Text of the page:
did not apply to his converts (at least not his Gentile converts). This
is not a case of God being more permissive, but more inclusive. The Gentiles
were not commanded to make clean/unclean distinctions (though they were
commanded not to eat blood). This clean/unclean distinction goes beyond
contact with certain animals. It included such things as menses, semen
and certain diseases. It was the nation of Israel that was told to make
clean/unclean distinctions. So the difference is now "the nations are to
be fellow-heirs, and a joint body, and joint partakers of the promise in
Christ Jesus, through the good news" (Eph. 3:6).
In the past, many church
leaders have cited Acts 10 as textual proof that kosher rules were abolished.
This seemed necessary because many Christians in the 4th century were still
keeping many Mosaic rules, and this seemed a handy text to use. But while (in my opinion) Christians are not under Mosaic Law, Peter's vision wasn't about what foods to eat, no more than he was personally commanded to perform animal sacrifice on unclean animals.
Another text currently
used to suggest that nonkosher flesh is a special part of Christianity
is given with the common modern rendering of Mark 7:19 "'since it enters,
not his heart but his stomach, and so passes on?' (Thus he declared all
foods clean.)" RSV. From the time of the English Revised Version this has
been the way most English bibles have this text. Actually, the Greek doesn't
say "Thus he declared all foods clean", but "purging all the foods". The
grounds for the ERV rendering is the use of the Greek masculine word for
purging or cleansing "kaqari,zwn" of the WH text, whereas most earlier
translations followed the Majority text reading of the neuter word "kaqari,zon".
The common assumption since the time of ERV is that it refers back to the Lord Jesus as the subject that doesn't appear in the immediate context. The nearest possibility is kai. le,gei auvtoi/j from verse 18, which is 35 words away."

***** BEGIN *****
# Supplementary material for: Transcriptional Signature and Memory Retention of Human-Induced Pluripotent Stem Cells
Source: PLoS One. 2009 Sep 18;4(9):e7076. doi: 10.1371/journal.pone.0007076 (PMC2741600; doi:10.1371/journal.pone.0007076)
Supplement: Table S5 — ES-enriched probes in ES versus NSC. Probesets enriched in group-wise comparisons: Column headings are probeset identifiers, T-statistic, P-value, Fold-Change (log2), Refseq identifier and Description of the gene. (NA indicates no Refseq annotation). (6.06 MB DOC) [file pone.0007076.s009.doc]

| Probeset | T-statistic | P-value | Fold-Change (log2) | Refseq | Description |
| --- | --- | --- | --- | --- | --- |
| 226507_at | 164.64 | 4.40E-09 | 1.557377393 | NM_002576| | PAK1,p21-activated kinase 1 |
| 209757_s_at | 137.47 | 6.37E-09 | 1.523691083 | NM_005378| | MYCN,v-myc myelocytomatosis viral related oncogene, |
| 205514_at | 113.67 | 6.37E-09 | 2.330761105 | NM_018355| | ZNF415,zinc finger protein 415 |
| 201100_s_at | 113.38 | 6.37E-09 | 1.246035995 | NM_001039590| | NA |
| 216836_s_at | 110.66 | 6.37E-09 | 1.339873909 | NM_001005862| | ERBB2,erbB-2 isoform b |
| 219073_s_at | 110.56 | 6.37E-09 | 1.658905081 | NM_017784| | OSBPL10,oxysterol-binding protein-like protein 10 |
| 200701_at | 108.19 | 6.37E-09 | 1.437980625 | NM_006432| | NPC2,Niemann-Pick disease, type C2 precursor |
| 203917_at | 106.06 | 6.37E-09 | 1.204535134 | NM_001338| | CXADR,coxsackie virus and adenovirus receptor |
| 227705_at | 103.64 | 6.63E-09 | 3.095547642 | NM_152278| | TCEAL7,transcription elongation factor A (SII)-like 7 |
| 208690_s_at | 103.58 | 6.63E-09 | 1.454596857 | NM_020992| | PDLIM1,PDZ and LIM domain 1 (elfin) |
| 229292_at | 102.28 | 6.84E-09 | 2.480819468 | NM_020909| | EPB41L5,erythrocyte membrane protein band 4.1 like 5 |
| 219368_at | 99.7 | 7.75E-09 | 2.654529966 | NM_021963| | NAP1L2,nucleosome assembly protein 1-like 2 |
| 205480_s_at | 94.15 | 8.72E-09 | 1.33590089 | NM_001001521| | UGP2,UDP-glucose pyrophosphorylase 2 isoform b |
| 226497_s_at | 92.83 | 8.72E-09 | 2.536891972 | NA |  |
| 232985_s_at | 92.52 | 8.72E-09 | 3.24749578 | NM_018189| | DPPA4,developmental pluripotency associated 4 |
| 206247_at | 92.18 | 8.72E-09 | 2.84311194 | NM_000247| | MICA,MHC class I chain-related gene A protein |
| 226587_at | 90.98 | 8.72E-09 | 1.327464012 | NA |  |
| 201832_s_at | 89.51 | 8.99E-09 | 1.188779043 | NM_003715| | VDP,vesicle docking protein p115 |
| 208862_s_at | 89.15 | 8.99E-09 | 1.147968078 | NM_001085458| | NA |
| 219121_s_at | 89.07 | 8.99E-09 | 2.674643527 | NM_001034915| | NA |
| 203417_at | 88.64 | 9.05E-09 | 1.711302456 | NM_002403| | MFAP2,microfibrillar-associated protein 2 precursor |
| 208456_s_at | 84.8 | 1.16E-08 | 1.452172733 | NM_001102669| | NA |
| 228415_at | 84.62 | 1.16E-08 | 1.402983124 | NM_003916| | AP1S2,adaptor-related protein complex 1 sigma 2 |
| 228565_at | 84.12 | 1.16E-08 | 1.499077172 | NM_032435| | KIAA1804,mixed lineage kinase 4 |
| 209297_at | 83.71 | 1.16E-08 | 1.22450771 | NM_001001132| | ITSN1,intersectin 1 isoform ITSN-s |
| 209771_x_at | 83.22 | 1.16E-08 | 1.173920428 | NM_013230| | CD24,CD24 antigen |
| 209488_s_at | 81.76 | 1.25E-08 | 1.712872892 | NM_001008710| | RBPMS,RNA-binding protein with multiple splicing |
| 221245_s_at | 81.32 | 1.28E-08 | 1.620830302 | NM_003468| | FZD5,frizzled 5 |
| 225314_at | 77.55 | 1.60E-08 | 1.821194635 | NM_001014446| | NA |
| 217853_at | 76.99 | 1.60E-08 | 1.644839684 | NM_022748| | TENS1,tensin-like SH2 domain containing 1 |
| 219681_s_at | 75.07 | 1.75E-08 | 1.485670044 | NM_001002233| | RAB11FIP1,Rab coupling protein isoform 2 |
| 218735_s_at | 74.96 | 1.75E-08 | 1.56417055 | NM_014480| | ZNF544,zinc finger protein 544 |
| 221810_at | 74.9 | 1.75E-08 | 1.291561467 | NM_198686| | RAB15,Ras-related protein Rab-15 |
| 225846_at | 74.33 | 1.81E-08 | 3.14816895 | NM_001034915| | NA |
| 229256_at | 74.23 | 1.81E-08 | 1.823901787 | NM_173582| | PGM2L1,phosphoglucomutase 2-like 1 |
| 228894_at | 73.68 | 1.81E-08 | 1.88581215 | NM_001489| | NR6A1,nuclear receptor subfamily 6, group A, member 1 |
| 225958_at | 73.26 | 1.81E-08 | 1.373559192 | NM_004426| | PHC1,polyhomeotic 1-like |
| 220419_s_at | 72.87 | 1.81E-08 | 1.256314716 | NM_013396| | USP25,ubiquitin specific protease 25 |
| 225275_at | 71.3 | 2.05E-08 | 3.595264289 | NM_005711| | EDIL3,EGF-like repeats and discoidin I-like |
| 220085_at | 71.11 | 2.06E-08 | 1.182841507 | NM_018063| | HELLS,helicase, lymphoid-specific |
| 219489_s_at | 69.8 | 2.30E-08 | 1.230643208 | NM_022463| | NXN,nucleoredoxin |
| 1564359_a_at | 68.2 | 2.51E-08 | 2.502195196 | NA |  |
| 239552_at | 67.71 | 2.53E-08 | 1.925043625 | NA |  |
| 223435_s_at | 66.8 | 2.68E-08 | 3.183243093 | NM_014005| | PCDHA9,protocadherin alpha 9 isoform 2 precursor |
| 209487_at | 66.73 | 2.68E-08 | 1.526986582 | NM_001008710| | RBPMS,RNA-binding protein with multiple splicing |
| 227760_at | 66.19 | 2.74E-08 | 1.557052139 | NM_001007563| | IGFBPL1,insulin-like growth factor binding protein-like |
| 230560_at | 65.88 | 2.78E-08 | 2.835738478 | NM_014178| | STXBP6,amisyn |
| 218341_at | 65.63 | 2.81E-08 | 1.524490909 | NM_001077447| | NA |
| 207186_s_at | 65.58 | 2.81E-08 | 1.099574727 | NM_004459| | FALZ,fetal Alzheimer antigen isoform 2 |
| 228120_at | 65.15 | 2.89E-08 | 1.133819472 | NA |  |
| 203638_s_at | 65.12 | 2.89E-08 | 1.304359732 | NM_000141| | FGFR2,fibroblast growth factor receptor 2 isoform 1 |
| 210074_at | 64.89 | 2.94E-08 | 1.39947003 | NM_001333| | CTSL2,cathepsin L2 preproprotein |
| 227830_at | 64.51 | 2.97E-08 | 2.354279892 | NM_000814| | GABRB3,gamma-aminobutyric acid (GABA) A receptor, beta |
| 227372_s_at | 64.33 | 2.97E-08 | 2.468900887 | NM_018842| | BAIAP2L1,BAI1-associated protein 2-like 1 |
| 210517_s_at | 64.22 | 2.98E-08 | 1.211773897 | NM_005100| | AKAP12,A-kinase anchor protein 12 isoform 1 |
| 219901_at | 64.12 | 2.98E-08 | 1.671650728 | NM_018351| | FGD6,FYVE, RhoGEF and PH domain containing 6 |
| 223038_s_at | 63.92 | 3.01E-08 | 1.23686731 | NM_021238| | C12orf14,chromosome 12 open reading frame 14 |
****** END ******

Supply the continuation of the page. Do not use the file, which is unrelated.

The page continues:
is correct, it might be part of a contracted (elliptical) phrase, a phrase
in which the obvious is understood but not expressed. In succinct
form, the idea contained in these words could be: "--cleansing all the
foods [occurs by this means]." Through digestion and elimination, the foods
which one eats (whatever foods these may be) are purified from any dirt
or other impurities which may have attended them. Also, the masculine "kaqari,zwn"
may refer to the masculine to.n avfedrw/na: "and goes out into the sewer,
(which) purifies all the foods." Both of these possibilities makes more
sense, in my opinion, than the ERV rendering. However, none of this is
to deny that for the Christian "all things are pure". Though ritual purity is not a part of the Gospel of Christ, flesh is not the food originally made for man to eat. Many Christians seem to make a simplistic equation
in their minds between Christian Liberty and eating certain kinds of flesh.
Almost as if the Gospel came so people could eat pork chops and ham. Whether
something is specifically prohibited in the law or not, it may not be good
for us. The food the Lord made in the beginning for us was vegetarian.
As we become more affluent, and meat production has become even more harmful
to animals, the poor, and the environment, increasingly Christians have
discerned the wisdom of returning to our original diet. They have found
what a blessing there is in following what was our Father's plan from the